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Release: August 22, 2000

UI researchers get $800,000 from NIH to investigate processes that make cells cancerous

IOWA CITY, Iowa -- University of Iowa researchers have been awarded a five-year, $800,000 grant from the National Institutes of Health to study how human epithelial cells become immortal. Immortalization of cells is a key event in the development of cancer.

The research team, led by Aloysius J. Klingelhutz, Ph.D., UI assistant professor of microbiology, will investigate the mechanisms that allow these cells to avoid a natural death. Klingelhutz believes that two processes are involved: activation of an enzyme that repairs the fraying ends of chromosomes and inactivation of a cellular pathway called the retinoblastoma (Rb) pathway, which is involved in determining whether a cell should replicate its DNA and divide.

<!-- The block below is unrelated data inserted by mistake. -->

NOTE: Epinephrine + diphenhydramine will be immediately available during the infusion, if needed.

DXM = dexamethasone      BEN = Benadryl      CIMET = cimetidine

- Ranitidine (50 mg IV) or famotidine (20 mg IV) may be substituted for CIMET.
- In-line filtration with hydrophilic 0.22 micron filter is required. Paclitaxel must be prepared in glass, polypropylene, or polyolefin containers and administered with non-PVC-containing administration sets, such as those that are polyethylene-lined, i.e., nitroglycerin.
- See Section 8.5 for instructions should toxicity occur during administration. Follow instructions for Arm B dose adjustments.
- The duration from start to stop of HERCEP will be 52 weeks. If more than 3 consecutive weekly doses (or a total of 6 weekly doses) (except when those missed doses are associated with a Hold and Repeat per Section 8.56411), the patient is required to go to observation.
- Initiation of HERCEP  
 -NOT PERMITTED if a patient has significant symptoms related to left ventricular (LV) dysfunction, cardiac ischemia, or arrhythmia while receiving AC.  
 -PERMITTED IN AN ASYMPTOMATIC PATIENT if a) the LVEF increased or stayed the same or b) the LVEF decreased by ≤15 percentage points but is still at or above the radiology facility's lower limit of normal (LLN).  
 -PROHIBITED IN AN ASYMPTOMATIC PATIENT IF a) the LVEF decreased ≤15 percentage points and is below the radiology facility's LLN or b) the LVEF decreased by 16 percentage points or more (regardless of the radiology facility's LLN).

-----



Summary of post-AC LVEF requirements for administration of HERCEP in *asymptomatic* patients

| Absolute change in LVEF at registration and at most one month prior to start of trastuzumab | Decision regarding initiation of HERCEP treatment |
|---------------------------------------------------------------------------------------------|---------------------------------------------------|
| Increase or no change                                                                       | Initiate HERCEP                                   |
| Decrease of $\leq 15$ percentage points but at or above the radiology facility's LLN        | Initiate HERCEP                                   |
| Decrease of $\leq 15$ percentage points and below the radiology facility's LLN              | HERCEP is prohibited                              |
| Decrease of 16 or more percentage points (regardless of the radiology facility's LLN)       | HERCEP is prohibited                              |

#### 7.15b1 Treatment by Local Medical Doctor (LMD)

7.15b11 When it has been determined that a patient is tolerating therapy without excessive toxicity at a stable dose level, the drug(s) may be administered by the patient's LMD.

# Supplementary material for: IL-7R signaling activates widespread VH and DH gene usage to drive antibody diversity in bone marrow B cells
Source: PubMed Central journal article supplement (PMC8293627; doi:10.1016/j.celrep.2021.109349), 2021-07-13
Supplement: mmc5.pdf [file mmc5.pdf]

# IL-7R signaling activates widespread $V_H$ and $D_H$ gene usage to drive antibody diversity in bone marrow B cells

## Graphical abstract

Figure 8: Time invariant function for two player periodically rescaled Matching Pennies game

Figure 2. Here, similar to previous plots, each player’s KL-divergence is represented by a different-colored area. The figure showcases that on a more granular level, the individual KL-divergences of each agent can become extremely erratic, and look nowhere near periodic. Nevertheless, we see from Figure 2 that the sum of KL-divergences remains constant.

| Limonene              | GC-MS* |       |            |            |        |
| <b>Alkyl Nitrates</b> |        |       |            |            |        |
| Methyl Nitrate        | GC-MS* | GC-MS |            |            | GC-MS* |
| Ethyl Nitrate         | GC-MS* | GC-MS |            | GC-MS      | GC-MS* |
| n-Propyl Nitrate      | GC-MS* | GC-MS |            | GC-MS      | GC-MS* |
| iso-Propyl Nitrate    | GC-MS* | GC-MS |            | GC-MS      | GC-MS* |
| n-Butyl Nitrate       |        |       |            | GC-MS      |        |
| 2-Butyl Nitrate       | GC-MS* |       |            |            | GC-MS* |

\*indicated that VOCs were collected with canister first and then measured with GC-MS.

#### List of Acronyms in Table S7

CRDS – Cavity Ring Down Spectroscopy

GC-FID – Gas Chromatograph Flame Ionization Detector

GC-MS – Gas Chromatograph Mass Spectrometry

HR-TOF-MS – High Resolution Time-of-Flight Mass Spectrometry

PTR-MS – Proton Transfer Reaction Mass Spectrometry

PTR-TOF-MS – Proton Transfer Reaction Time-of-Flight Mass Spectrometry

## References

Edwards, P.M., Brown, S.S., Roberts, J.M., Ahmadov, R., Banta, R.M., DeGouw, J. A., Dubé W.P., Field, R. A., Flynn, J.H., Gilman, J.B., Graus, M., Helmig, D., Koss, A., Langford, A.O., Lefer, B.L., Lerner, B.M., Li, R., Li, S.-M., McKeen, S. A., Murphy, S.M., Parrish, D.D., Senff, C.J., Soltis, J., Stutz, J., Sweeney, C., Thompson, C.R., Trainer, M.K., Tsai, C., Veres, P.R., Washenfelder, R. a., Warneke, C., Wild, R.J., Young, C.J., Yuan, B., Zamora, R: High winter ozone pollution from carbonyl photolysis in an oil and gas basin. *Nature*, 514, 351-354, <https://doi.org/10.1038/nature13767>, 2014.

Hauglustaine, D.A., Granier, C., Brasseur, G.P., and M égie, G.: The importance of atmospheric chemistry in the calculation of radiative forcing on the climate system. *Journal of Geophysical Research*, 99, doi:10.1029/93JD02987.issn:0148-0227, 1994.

As normal cells divide, the DNA at the chromosome ends gets progressively shorter until a point is reached where the cells die. This type of cell-death is a normal process. However, an enzyme called telomerase is capable of rebuilding the frayed chromosome ends. Telomerase, which is not usually active in most cells, is very active in cancer cells. This has led to speculation that the telomerase activity makes cells immortal. However, according to Klingelhutz, this activation on its own is not enough to make the cells immortal because the Rb pathway also has to be overcome.

"By using unique epithelial cell model systems developed in our laboratory, we will identify factors involved in controlling the Rb pathway during the normal cell-death process," said Klingelhutz. "This work is likely to significantly increase our understanding of the early stages of carcinogenesis."

The team will also seek to determine how telomerase is activated as cells become immortal. "We hope that this research will eventually lead to new and innovative strategies for the prevention, diagnosis and treatment of human cancer," Klingelhutz said.


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